I have a whole pile of science-y book reviews on two of my older blogs, here and here. Both of those blogs have now been largely superseded by or merged into this one. So I’m going to be slowly moving the relevant reviews over here. I’ll mostly be doing the posts one or two per weekend and I’ll occasionally be merging two or more shorter reviews into one post here.
The decision to read this book was certainly not rocket science, even if it is a book about rocket science. An engaging and fascinating read, you don’t have to be a brain surgeon to understand it either, as it concerns itself as much with the human challenges in the history of space flight as with the purely engineering ones.
Since this book was published in 1997, it obviously doesn’t cover any of the more recent missions from the last ten years or so, but I didn’t really find that to be much of a problem, as what I was really looking for was information about the early years of rocketry, and this book covers those quite well, including the programs in Germany, Russia and the USA.
I really appreciated the focus on the early careers of Wernher von Braun in Germany and, in particular, Sergei Korolev of Russia, whose name was unfamiliar to me before. The hardships of the Russian engineers and other workers who were forced to work in incredibly bad conditions for Stalin were something that was also a revelation. Von Braun’s story was also fascinating, perhaps the only flaw in the book’s coverage is that I would liked to have learned more about the program under Nazi Germany. Von Braun was very likely an unacknowledged war criminal, and this was underplayed.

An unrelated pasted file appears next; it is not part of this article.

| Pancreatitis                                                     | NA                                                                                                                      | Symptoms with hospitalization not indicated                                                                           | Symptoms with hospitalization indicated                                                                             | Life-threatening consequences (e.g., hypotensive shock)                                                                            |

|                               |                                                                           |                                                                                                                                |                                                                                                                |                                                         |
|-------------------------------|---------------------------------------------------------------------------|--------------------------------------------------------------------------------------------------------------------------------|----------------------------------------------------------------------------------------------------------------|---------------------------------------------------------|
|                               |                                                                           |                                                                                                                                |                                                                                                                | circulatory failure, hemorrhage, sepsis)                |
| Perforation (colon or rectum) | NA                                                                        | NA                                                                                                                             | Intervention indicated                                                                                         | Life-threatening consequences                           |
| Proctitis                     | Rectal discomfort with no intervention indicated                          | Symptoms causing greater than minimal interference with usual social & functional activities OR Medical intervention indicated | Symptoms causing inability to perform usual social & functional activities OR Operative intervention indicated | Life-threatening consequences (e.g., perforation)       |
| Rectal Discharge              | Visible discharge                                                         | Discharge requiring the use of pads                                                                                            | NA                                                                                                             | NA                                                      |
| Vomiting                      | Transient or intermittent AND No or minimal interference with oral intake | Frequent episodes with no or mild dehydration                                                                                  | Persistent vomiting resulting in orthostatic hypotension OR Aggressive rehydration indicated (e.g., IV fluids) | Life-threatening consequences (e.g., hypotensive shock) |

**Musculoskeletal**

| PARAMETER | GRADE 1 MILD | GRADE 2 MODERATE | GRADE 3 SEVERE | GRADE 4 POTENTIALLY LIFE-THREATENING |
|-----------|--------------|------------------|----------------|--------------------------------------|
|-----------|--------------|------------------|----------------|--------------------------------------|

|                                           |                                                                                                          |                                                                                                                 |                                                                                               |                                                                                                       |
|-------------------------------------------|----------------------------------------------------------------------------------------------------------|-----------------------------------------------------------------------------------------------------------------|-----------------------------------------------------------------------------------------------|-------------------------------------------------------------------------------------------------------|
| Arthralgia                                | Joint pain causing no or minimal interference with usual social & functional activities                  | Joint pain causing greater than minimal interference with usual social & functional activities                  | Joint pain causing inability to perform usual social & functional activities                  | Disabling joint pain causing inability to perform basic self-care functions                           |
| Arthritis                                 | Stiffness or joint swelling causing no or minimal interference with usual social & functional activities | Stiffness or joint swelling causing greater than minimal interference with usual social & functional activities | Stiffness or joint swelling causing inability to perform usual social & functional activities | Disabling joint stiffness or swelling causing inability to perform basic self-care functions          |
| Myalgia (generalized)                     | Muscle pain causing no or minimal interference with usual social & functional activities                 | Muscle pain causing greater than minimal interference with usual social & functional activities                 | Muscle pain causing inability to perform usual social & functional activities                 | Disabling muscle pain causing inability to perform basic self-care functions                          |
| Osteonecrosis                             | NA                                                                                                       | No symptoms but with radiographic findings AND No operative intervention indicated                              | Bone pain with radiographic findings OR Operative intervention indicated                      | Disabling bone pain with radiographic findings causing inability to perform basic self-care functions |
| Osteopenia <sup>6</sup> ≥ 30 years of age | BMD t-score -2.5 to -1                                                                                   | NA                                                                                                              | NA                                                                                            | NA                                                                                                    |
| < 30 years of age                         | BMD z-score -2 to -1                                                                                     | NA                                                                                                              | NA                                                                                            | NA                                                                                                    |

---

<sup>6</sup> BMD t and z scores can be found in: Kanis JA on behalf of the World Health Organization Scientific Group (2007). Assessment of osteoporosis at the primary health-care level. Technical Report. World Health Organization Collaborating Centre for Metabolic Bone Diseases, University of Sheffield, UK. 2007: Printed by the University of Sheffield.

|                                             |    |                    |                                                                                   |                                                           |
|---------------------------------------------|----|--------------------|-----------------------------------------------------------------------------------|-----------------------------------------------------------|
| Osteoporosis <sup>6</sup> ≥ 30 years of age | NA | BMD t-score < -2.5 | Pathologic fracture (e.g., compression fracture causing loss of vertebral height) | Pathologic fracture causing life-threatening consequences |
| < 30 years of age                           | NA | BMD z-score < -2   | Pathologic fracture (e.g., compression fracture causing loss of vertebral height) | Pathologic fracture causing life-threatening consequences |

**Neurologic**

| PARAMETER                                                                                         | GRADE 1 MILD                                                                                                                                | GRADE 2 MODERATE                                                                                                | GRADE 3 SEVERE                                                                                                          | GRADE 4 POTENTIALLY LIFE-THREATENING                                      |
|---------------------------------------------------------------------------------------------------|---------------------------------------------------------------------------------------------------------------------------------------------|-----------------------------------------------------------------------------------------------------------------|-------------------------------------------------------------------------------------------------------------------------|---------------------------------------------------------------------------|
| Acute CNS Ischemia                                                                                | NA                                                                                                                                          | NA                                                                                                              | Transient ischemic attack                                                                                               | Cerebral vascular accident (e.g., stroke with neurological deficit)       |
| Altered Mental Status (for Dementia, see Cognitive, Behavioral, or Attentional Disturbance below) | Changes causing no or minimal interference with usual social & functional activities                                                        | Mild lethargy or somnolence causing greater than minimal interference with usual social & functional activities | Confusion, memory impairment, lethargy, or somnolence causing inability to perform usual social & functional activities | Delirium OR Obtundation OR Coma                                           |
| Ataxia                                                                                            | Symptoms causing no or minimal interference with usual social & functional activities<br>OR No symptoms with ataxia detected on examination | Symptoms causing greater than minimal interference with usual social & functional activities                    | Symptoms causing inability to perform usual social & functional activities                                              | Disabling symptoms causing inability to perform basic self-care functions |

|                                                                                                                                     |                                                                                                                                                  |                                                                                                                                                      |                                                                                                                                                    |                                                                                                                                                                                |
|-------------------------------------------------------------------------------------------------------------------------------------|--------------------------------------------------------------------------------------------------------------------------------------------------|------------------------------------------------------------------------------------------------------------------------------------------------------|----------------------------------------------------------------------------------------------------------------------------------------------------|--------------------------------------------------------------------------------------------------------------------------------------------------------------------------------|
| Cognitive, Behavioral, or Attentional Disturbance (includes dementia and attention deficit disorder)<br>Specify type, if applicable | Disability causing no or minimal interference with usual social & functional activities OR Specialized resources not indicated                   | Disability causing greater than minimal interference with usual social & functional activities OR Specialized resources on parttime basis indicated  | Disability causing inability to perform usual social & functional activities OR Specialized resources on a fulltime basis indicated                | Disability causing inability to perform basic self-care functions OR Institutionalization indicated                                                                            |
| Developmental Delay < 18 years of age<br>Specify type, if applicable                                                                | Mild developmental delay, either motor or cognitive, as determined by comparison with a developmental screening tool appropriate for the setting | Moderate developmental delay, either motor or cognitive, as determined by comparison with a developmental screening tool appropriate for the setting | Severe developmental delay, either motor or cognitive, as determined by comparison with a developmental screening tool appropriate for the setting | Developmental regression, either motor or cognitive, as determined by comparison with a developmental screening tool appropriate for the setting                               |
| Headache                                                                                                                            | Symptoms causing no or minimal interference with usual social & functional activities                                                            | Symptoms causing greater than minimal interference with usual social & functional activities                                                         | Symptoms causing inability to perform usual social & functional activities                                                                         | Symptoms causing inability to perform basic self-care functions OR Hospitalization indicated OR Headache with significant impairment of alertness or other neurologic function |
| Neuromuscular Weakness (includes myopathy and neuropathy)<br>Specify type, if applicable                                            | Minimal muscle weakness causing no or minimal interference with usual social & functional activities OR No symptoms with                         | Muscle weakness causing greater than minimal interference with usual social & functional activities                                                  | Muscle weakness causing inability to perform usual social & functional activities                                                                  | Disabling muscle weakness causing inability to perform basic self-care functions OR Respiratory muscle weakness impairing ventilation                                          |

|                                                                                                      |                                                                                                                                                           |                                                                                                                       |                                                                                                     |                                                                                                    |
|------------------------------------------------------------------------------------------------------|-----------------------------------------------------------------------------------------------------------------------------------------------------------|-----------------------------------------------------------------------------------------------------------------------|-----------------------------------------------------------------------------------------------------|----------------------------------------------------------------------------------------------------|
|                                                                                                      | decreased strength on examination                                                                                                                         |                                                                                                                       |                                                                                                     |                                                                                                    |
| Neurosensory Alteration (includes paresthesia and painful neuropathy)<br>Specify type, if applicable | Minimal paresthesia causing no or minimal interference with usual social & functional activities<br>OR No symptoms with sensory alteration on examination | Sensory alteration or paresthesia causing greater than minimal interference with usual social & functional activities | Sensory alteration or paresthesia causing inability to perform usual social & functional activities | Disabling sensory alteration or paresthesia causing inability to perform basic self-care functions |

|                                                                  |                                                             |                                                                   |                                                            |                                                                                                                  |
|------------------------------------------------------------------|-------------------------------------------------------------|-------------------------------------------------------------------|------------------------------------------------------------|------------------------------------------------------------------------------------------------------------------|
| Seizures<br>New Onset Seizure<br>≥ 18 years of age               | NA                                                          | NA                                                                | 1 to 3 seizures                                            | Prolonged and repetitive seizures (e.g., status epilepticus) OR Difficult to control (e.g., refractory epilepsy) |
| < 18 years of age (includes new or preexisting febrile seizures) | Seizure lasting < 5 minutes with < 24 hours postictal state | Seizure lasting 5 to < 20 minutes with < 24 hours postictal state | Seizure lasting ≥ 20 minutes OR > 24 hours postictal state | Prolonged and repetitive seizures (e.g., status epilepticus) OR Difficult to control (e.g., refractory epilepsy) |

The great strides of the Soviet program in the 1950s is also well covered, including the determination by the Americans to ultimately overtake the Soviet program, which they did by the 1960s. The stories of the machinations of the US Army, Air Force and Navy and their jockeying for position and influence was very well presented. The seamless integration of the military and industry is also quite apparent, leading the Eisenhower’s famous comment about watching out for the military industrial complex. Well, it’s all here, laid out in the history of the space program. The main developments in ICBMs, spy planes, spy satellites, high altitude bombers are all covered.
In some ways, the most exciting part of the book is the chapters leading up to the dramatic Apollo moon landing, contrasting with the Soviet program’s declining success at that time. The chapters following the moon landing could have been anti-climactic. However, I found the history of the various unmanned, exploratory missions very interesting; Heppenheimer is definitely a proponent of unmanned exploration versus the political showmanship of dangerous and expensive manned missions. This part of the book, leading up to the Challenger disaster, was very critical of the American decision to put all it’s eggs in the shuttle basket and showed how the Europeans were able to capitalize on that and how even the Soviet/Russian program was able to make many positive strides.
The book ends on a positive note, hoping for a renewed international space program based on international co-operation. We’re not quite there yet, but this book certainly gives the background necessary to understand where we are and how we got here.
Heppenheimer, T. A. Countdown: A History of Space Flight New York: Wiley, 1997. 398pp.